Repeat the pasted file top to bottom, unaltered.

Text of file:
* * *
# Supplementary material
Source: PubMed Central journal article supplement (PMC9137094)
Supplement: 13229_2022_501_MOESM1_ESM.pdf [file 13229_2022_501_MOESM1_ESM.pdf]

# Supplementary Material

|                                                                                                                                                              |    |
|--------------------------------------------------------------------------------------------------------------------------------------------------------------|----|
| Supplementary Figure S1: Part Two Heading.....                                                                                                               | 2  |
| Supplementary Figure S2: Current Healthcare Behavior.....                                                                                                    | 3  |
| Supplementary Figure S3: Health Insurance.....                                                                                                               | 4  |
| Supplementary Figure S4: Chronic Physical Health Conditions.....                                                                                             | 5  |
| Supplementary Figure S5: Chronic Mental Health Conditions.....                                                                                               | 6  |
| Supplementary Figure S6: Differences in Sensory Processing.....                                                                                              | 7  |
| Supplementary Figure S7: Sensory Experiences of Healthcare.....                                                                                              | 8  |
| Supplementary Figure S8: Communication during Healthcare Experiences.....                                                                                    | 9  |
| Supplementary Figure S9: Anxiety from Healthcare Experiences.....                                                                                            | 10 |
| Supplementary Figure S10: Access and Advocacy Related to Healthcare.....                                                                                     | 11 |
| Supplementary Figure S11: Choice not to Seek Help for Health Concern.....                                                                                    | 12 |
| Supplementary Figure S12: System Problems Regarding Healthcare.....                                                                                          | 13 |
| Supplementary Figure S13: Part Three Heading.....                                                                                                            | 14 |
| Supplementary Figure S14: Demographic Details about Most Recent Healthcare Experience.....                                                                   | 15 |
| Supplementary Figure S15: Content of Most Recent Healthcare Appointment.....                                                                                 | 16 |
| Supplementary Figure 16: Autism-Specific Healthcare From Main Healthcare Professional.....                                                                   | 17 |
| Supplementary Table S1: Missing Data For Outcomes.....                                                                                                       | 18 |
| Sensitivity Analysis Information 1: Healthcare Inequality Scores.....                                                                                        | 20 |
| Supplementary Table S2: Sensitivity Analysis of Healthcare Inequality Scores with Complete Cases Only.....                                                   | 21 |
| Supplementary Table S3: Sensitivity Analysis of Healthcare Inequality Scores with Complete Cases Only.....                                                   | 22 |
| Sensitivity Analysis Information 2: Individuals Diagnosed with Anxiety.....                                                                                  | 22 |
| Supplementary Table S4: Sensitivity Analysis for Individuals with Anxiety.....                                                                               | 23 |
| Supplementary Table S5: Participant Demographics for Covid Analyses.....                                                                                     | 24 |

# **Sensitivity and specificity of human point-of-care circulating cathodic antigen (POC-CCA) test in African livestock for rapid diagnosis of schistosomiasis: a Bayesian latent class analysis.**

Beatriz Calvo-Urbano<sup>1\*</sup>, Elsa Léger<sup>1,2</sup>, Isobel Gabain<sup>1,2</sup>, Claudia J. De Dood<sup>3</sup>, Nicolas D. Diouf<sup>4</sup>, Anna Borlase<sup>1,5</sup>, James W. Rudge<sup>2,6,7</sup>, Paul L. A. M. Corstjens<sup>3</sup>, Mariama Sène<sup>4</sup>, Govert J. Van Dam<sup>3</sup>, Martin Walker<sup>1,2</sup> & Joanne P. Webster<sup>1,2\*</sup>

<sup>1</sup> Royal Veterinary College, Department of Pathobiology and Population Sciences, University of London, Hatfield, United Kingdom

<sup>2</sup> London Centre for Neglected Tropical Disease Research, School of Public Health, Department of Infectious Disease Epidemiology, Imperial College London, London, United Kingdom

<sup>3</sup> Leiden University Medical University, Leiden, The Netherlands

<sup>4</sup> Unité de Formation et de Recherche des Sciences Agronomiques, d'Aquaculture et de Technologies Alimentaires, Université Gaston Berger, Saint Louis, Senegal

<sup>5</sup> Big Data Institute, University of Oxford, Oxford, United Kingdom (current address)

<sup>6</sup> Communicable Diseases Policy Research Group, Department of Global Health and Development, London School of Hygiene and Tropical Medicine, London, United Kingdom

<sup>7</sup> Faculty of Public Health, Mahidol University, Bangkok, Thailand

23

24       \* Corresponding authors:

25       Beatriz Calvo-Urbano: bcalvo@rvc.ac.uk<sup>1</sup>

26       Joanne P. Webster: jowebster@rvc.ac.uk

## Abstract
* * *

# Supplementary material
Source: PubMed Central journal article supplement (PMC9137094)
Supplement: 13229_2022_501_MOESM1_ESM.pdf [file 13229_2022_501_MOESM1_ESM.pdf]

# Supplementary Material

|                                                                                                                                                              |    |
|--------------------------------------------------------------------------------------------------------------------------------------------------------------|----|
| Supplementary Figure S1: Part Two Heading.....                                                                                                               | 2  |
| Supplementary Figure S2: Current Healthcare Behavior.....                                                                                                    | 3  |
| Supplementary Figure S3: Health Insurance.....                                                                                                               | 4  |
| Supplementary Figure S4: Chronic Physical Health Conditions.....                                                                                             | 5  |
| Supplementary Figure S5: Chronic Mental Health Conditions.....                                                                                               | 6  |
| Supplementary Figure S6: Differences in Sensory Processing.....                                                                                              | 7  |
| Supplementary Figure S7: Sensory Experiences of Healthcare.....                                                                                              | 8  |
| Supplementary Figure S8: Communication during Healthcare Experiences.....                                                                                    | 9  |
| Supplementary Figure S9: Anxiety from Healthcare Experiences.....                                                                                            | 10 |
| Supplementary Figure S10: Access and Advocacy Related to Healthcare.....                                                                                     | 11 |
| Supplementary Figure S11: Choice not to Seek Help for Health Concern.....                                                                                    | 12 |
| Supplementary Figure S12: System Problems Regarding Healthcare.....                                                                                          | 13 |
| Supplementary Figure S13: Part Three Heading.....                                                                                                            | 14 |
| Supplementary Figure S14: Demographic Details about Most Recent Healthcare Experience.....                                                                   | 15 |
| Supplementary Figure S15: Content of Most Recent Healthcare Appointment.....                                                                                 | 16 |
| Supplementary Figure 16: Autism-Specific Healthcare From Main Healthcare Professional.....                                                                   | 17 |
| Supplementary Table S1: Missing Data For Outcomes.....                                                                                                       | 18 |
| Sensitivity Analysis Information 1: Healthcare Inequality Scores.....                                                                                        | 20 |
| Supplementary Table S2: Sensitivity Analysis of Healthcare Inequality Scores with Complete Cases Only.....                                                   | 21 |
| Supplementary Table S3: Sensitivity Analysis of Healthcare Inequality Scores with Complete Cases Only.....                                                   | 22 |
| Sensitivity Analysis Information 2: Individuals Diagnosed with Anxiety.....                                                                                  | 22 |
| Supplementary Table S4: Sensitivity Analysis for Individuals with Anxiety.....                                                                               | 23 |
| Supplementary Table S5: Participant Demographics for Covid Analyses.....                                                                                     | 24 |

# **Sensitivity and specificity of human point-of-care circulating cathodic antigen (POC-CCA) test in African livestock for rapid diagnosis of schistosomiasis: a Bayesian latent class analysis.**

Beatriz Calvo-Urbano<sup>1\*</sup>, Elsa Léger<sup>1,2</sup>, Isobel Gabain<sup>1,2</sup>, Claudia J. De Dood<sup>3</sup>, Nicolas D. Diouf<sup>4</sup>, Anna Borlase<sup>1,5</sup>, James W. Rudge<sup>2,6,7</sup>, Paul L. A. M. Corstjens<sup>3</sup>, Mariama Sène<sup>4</sup>, Govert J. Van Dam<sup>3</sup>, Martin Walker<sup>1,2</sup> & Joanne P. Webster<sup>1,2\*</sup>

<sup>1</sup> Royal Veterinary College, Department of Pathobiology and Population Sciences, University of London, Hatfield, United Kingdom

<sup>2</sup> London Centre for Neglected Tropical Disease Research, School of Public Health, Department of Infectious Disease Epidemiology, Imperial College London, London, United Kingdom

<sup>3</sup> Leiden University Medical University, Leiden, The Netherlands

<sup>4</sup> Unité de Formation et de Recherche des Sciences Agronomiques, d'Aquaculture et de Technologies Alimentaires, Université Gaston Berger, Saint Louis, Senegal

<sup>5</sup> Big Data Institute, University of Oxford, Oxford, United Kingdom (current address)

<sup>6</sup> Communicable Diseases Policy Research Group, Department of Global Health and Development, London School of Hygiene and Tropical Medicine, London, United Kingdom

<sup>7</sup> Faculty of Public Health, Mahidol University, Bangkok, Thailand

23

24       \* Corresponding authors:

25       Beatriz Calvo-Urbano: bcalvo@rvc.ac.uk<sup>1</sup>

26       Joanne P. Webster: jowebster@rvc.ac.uk

## Abstract